The Aquarium Guide

Foxface Fish Complete Care Guide: Diet, Breeding, Behavior, and More

The Foxface is a very beautiful marine fish that can really make an elegant addition to your marine aquarium. It is the kind of marine fish that usually does well provided that the conditions in the tank are kept optimal for it.

It is scientifically known as siganus vulpinus or simply as the foxface rabbitfish. It loves to eat algae and one of the cool things about it is that it can help to keep your tank free of algae.

They are super colorful and a group of them put together in one tank is us just amazing to look at. However, don’t be fooled as there is a lot of care required when handling them.

As a defence system, the fish has dorsal and anal fins that are venomous and can cause the handler painful sting on the hands.

Appearance of Foxface Fish

They are very colorful fish that will be the center of dominance on any aquarium they are added to. They have small mouths resembling the mouth of a hare with dark and large eyes that highlight their unique beauty.

The face of the fish is light in color and show a speckled coloration on the lower part. The overall body color of the fish is a mottled yellow to brown with a chest that is darkish in coloration.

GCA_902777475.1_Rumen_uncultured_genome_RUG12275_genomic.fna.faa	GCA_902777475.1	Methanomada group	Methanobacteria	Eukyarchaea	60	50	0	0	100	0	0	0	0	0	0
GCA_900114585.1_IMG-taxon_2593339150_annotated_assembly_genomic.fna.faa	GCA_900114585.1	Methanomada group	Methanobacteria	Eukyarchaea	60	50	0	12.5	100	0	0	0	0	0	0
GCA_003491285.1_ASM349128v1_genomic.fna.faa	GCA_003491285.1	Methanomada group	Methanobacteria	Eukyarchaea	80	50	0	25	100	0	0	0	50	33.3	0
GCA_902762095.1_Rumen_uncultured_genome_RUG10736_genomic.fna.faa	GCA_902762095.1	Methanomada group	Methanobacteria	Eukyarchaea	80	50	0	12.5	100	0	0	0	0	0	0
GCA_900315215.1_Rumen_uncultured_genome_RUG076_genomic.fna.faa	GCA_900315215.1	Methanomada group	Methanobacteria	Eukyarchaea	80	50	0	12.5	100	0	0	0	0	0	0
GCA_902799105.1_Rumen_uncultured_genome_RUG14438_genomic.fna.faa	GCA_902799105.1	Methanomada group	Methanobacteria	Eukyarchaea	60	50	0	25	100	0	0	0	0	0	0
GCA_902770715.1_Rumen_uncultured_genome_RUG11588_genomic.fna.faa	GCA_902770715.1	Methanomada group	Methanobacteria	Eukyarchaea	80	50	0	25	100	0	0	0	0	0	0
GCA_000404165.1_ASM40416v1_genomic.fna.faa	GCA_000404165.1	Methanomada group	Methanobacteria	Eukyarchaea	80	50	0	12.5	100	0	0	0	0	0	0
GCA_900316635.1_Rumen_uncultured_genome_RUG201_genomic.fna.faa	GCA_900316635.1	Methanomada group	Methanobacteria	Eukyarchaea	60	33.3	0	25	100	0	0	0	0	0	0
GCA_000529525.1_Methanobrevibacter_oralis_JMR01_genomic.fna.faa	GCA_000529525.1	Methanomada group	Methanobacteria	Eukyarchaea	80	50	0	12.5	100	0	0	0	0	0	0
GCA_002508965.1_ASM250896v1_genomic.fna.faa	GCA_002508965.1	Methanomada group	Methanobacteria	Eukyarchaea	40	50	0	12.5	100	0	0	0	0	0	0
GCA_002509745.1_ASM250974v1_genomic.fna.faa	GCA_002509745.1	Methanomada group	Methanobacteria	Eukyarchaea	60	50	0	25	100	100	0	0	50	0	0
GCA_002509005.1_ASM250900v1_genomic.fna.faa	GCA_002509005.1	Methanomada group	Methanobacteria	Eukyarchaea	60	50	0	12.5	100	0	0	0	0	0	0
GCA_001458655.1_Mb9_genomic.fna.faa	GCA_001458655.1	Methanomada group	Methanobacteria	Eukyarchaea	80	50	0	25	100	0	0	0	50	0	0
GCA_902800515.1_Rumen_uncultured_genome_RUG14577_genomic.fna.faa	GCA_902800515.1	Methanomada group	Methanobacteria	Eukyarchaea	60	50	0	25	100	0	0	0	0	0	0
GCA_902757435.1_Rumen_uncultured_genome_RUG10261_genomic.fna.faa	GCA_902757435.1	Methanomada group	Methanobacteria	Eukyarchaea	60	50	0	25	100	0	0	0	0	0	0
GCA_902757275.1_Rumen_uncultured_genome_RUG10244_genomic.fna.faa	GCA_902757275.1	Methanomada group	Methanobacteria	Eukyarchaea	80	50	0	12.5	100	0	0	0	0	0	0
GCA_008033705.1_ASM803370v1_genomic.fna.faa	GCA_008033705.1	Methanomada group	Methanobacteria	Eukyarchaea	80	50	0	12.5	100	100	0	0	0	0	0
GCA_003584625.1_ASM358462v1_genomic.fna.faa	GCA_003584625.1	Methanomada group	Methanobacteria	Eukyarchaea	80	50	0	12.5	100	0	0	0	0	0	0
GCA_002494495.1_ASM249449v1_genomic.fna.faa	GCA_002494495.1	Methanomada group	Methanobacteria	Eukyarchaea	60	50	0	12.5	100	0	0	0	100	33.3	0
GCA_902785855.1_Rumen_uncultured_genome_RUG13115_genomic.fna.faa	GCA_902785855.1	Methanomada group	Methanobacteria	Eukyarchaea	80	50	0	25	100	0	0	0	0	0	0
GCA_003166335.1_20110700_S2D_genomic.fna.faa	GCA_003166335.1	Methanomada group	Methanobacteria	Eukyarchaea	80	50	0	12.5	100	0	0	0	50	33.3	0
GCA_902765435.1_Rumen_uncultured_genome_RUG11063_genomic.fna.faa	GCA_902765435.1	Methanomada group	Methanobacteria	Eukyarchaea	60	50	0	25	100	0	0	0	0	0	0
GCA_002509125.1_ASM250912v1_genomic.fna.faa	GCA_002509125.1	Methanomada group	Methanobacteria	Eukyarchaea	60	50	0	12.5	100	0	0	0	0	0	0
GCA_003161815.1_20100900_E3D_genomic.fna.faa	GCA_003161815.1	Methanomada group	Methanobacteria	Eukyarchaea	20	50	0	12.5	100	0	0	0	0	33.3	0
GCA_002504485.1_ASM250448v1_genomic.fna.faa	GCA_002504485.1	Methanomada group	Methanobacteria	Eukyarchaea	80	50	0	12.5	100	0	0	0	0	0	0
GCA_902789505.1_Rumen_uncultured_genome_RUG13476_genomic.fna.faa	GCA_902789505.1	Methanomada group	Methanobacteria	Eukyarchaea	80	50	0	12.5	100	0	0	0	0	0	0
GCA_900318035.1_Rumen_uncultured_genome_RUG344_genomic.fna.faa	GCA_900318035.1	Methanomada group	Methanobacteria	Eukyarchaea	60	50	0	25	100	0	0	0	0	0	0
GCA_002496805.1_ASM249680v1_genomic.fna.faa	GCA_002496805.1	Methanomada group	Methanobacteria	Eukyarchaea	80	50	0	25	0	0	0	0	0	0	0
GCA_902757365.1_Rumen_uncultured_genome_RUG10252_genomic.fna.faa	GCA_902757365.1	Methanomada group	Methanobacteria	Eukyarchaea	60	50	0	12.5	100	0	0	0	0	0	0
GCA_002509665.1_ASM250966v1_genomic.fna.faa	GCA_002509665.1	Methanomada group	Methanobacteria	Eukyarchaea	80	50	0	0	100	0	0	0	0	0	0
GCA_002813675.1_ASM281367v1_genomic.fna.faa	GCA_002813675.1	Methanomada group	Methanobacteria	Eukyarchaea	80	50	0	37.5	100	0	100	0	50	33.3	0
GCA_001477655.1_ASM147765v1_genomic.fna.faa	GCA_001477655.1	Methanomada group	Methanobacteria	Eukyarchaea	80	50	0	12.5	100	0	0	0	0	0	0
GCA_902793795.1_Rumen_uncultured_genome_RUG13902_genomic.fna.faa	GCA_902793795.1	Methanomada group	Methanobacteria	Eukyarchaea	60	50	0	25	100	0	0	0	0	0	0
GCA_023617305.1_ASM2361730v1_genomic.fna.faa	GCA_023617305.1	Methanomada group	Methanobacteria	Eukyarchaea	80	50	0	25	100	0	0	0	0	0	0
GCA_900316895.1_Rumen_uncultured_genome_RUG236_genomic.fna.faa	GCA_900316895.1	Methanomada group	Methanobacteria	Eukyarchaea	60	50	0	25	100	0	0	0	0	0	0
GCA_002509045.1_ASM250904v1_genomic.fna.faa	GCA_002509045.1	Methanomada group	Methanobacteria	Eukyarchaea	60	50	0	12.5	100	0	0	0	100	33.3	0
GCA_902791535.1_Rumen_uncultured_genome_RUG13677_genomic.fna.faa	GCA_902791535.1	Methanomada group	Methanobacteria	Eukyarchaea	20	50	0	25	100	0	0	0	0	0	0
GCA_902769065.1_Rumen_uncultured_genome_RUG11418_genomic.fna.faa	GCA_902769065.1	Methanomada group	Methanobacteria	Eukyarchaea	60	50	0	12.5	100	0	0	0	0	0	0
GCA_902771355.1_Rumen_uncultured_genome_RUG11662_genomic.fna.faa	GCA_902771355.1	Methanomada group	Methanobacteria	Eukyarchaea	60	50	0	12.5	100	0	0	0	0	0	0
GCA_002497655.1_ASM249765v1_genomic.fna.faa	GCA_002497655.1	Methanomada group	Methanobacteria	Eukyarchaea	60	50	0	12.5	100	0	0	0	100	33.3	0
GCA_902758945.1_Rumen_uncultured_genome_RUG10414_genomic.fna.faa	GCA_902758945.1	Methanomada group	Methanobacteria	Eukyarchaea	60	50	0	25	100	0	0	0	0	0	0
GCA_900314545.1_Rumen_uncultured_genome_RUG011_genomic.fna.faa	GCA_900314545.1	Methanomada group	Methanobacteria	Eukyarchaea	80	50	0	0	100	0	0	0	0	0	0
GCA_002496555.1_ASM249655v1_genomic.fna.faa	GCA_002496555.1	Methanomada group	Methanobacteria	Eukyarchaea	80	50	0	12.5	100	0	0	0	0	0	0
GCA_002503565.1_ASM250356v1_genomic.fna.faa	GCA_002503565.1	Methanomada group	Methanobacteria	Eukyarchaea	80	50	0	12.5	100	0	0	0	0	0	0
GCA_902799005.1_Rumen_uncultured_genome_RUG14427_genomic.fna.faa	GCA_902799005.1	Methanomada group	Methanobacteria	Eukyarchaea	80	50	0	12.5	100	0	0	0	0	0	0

The elongated snout of the fish makes it exhibit a look that’s almost similar that of a fox, reason behind its name.

It is interesting to note that the fish can change their color when they feel frightened or simply when they are sleeping. This capability to change their coloration to mimic that of the surrounding is designed to help it survive against possible attack by predators.

Geographic distribution/natural habitat

The fish in the wild is usually found inhabiting shallow lagoons in the tropical waters of the Western Pacific. It really likes spending most of it’s time in low light areas of the ocean moving in between the coral reefs in search for their food.

Tank requirements and care

Because the Foxface is a kind of marine fish that likes to swim a lot, providing a larger tank to enable it have sufficient swimming space is advised.

For one fish, providing a tank that is at least 75 gallons or more is better. It is a saltwater fish therefore it should be housed in a marine tank. Additionally, the foxface is a shy fish and therefore you should provide rocks and cave-like structures where they can hide when they feel threatened.

Water Conditions

Ensure that the water quality is stable at all times because good quality water is very vital for the health and survival of this fish while in captivity. It’s is very sensitive to dirty water and therefore the water must be kept clean at all times.

It is advisable to change between 10 to 25 percent of the tank water every month. If you wish to introduce more inhabitants in the tank, it is best to do it gradually rather than instantly.

The tank water temperature should be maintained to 72 – 78°F. Remember , in the wild the fish inhabits tropical areas of the West Pacific so you will need to provide a temperature that is almost similar. For the salinity level, it is best to set that of the tank to between 1.020 and 1.025.